Eco-Challenge, Argentina 1999

Eco-Challenge, Borneo 2000

2000 Raid Gauloises

Adrenalin Rush 2000




This is an accounting of the 2000 Raid Gauloises that took place, starting in the Autonomous Region of China, approximately 430 kilometers from the infamous Everest expedition-launching city of Lhassa. The five people, expedition style race would then traverse across the Himalayas, traveling into Nepal and ending 827 kilometers later in Janakpur, close to the border of India.  

The team, Tactel Ispira AKA Team Stray Dogs, was comprised of five individuals with varied strengths. Michael Kloser, former World Mountain Bike Champion and winner of the 1998 Eco Challenge in Morocco, proved to be a strong leader and extraordinary athlete. Rebecca Rusch is a world-class paddler and rock climber who added a strong female influence to the team. Her three-woman-one-man team landed a fourth place finish in the 1999 Eco Challenge. Isaac Wilson has won many major adventure races around the world, he is a superb paddler and mountain biker, is a sustaining member of Team Stray Dogs. I (Marshall Ulrich), come from an ultrarunning background and have competed in a prior Raid and all past Eco-Challenges. Patrick Harper is a backcountry guide and paddler who was the wild card since he had no history with the team. He proved to be an extraordinary navigator, athlete, and voice of sanity and maturity throughout the race. 

Ann Wilson and Bob Haugh were the designated assistance personnel. Ann has crewed and participated in the management of many adventure races. Bob Haugh is a past participant and finisher of Eco Challenges. The crew members were instrumental in the success of the team. Bill Miller was the team reporter, who did pre and post race interviews as well as team updates. 

The Race

  • The race started with a 3km run starting in Shegar Ozong, climbing up toward an old monastery. Our strategy was to get out in front as much as possible, so as not to get slowed down on some of the single track trails by teams who had gone out a bit too fast. It became very apparent, as we climbed to 4310 meters, that altitude would be a factor within the race. The strenuous activity at altitudes up to 17,000 feet caused increasingly adverse physical effects that over the next few days would prove, at times, almost impossible to overcome.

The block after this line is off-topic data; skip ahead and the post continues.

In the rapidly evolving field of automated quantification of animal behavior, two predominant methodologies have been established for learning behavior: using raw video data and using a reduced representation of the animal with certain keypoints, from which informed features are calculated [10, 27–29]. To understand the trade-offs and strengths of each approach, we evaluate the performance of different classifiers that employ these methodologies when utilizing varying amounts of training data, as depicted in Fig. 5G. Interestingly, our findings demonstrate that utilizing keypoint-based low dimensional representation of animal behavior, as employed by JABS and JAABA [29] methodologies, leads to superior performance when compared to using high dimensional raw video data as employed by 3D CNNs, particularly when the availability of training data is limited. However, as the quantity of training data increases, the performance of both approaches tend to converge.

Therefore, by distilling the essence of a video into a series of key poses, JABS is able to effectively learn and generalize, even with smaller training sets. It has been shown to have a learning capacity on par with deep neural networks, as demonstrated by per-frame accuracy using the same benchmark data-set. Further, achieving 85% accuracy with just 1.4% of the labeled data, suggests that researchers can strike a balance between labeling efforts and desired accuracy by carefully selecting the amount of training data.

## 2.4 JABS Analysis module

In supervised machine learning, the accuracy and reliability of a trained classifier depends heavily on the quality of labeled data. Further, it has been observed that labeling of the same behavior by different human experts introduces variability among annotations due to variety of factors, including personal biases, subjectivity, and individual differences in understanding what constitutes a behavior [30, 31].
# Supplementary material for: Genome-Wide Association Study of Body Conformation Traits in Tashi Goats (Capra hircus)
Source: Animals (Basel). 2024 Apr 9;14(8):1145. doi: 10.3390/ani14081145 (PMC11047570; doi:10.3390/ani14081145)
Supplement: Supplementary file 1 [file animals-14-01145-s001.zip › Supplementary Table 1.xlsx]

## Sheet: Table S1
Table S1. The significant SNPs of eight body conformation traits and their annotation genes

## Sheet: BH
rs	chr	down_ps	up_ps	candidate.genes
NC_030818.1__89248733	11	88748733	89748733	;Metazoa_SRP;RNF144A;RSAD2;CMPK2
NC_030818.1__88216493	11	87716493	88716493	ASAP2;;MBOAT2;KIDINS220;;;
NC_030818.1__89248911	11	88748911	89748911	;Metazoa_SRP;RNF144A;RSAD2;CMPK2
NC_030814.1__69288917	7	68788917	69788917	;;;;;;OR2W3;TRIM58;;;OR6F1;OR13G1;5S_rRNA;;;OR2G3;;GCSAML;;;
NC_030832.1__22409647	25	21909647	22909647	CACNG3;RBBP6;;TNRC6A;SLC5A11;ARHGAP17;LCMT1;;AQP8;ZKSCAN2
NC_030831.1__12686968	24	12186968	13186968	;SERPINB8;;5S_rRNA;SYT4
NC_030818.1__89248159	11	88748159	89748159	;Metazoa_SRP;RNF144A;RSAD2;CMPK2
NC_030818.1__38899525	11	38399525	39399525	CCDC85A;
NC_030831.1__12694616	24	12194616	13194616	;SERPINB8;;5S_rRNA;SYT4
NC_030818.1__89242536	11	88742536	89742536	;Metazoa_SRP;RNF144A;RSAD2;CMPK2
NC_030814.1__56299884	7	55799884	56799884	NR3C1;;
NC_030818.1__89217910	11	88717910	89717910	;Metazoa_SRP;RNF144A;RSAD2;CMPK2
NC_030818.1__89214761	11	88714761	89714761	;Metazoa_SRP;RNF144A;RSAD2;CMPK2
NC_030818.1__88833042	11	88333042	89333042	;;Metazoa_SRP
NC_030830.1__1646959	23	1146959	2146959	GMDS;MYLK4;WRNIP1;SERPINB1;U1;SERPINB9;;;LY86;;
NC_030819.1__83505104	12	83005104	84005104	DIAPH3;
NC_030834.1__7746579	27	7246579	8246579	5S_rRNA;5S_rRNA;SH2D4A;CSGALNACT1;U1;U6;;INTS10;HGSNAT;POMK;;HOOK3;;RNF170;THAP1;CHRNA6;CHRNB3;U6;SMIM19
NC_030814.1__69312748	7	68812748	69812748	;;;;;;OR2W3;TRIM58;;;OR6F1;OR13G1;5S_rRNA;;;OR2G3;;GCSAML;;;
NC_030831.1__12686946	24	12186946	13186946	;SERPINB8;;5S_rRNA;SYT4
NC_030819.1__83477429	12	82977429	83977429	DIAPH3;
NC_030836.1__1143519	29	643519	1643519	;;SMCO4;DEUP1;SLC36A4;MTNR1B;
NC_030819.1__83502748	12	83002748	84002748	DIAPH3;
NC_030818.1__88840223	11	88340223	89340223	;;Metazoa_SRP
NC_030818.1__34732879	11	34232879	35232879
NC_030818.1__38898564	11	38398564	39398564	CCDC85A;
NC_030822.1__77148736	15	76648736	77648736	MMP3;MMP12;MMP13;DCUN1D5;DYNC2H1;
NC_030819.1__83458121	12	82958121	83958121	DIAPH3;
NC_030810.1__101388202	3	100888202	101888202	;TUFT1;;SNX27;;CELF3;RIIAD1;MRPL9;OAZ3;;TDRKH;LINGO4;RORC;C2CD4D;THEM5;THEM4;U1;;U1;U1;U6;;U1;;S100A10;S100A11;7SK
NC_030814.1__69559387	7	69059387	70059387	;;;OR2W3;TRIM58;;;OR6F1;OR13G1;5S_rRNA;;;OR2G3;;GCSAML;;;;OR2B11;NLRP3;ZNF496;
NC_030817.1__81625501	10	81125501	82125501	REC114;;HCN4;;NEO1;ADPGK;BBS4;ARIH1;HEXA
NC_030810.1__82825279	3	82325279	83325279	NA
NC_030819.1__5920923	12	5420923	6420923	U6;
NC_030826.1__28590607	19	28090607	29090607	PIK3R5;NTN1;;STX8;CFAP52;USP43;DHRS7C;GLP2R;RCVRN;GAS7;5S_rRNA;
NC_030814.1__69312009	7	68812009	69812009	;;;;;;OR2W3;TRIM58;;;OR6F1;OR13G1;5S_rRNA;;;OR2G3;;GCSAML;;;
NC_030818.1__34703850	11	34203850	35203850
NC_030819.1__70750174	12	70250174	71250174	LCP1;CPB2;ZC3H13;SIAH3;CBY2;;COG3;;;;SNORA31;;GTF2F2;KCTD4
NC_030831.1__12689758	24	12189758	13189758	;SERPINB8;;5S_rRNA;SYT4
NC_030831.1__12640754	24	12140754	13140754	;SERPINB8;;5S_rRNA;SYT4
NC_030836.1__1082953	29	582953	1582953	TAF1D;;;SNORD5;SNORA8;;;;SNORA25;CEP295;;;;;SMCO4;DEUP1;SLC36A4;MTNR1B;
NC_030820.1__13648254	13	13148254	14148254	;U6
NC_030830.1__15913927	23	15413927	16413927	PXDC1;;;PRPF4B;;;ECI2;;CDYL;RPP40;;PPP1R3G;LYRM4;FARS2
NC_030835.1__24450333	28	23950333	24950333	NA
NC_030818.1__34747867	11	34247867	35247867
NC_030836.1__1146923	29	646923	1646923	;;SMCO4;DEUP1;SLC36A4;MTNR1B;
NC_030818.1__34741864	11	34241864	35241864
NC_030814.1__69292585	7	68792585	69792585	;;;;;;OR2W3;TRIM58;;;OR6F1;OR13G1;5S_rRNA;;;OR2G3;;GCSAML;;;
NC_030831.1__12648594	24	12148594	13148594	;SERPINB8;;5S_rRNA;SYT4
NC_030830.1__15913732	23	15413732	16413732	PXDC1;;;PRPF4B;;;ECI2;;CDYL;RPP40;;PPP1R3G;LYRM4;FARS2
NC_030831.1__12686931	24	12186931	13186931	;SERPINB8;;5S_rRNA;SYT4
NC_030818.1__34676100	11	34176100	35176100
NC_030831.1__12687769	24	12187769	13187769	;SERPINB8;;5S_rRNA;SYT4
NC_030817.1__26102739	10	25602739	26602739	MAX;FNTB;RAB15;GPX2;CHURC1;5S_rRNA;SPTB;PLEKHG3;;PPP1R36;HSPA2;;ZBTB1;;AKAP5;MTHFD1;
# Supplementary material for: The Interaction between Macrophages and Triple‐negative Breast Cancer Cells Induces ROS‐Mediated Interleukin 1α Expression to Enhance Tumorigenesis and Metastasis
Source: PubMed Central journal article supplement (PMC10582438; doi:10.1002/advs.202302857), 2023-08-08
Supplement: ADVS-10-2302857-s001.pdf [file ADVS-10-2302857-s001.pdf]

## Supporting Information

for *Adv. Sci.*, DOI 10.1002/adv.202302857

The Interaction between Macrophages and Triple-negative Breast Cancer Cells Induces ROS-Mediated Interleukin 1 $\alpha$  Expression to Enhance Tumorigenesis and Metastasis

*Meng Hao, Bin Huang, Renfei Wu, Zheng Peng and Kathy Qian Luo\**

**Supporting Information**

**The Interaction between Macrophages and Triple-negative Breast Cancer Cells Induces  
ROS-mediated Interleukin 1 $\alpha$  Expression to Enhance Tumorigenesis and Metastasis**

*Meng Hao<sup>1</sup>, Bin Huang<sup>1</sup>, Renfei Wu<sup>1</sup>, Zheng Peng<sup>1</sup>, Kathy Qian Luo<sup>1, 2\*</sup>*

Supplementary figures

• We came off of the run in the top ten and had a quick transition into the first of three mountain biking sections. This 85 kilometer ride would take us up to about 4600 meters, starting out flat, climbing significantly, then downhill and flat to the trekking and horse packing portion of the race. I was struggling more than anyone to keep up with Mike and Ike, so I was put on tow at times to help balance the progress of the team. We wound up finishing somewhere, again in the top ten to transition into the uphill trekking portion of the race. Effects of the altitude began to show on Rebecca, Ike, and myself.

  • Teams started to pass us as our race position began to slip. Our horse became a work tool hauling packs, and at times hauling Ike and myself to perpetuate forward progress. Rebecca was able to continue on her own up to the top of the pass. She suffered greatly, but showed extreme courage and discipline, much to her credit. As we arrived at the top of Yarle Shungla La Pass at the first horse vet check, Ike, Rebecca, and I checked into a local Tibetian tent where a smoky yak dung fire was lit. The conflict was to keep warm, stay inside and endure the smoke stench, or to return outside into the cold air-we opted for warmth. It was mandatory that we stay 30 minutes minimum for the horse evaluation. We were now at 17,000+ ft. and the full effects of the dry dusty air and altitude were present. My best guess is that we had now slipped to about 12th place or lower. We were now at CP 6 and began a short decent to PC 7, then a climb to PC 8.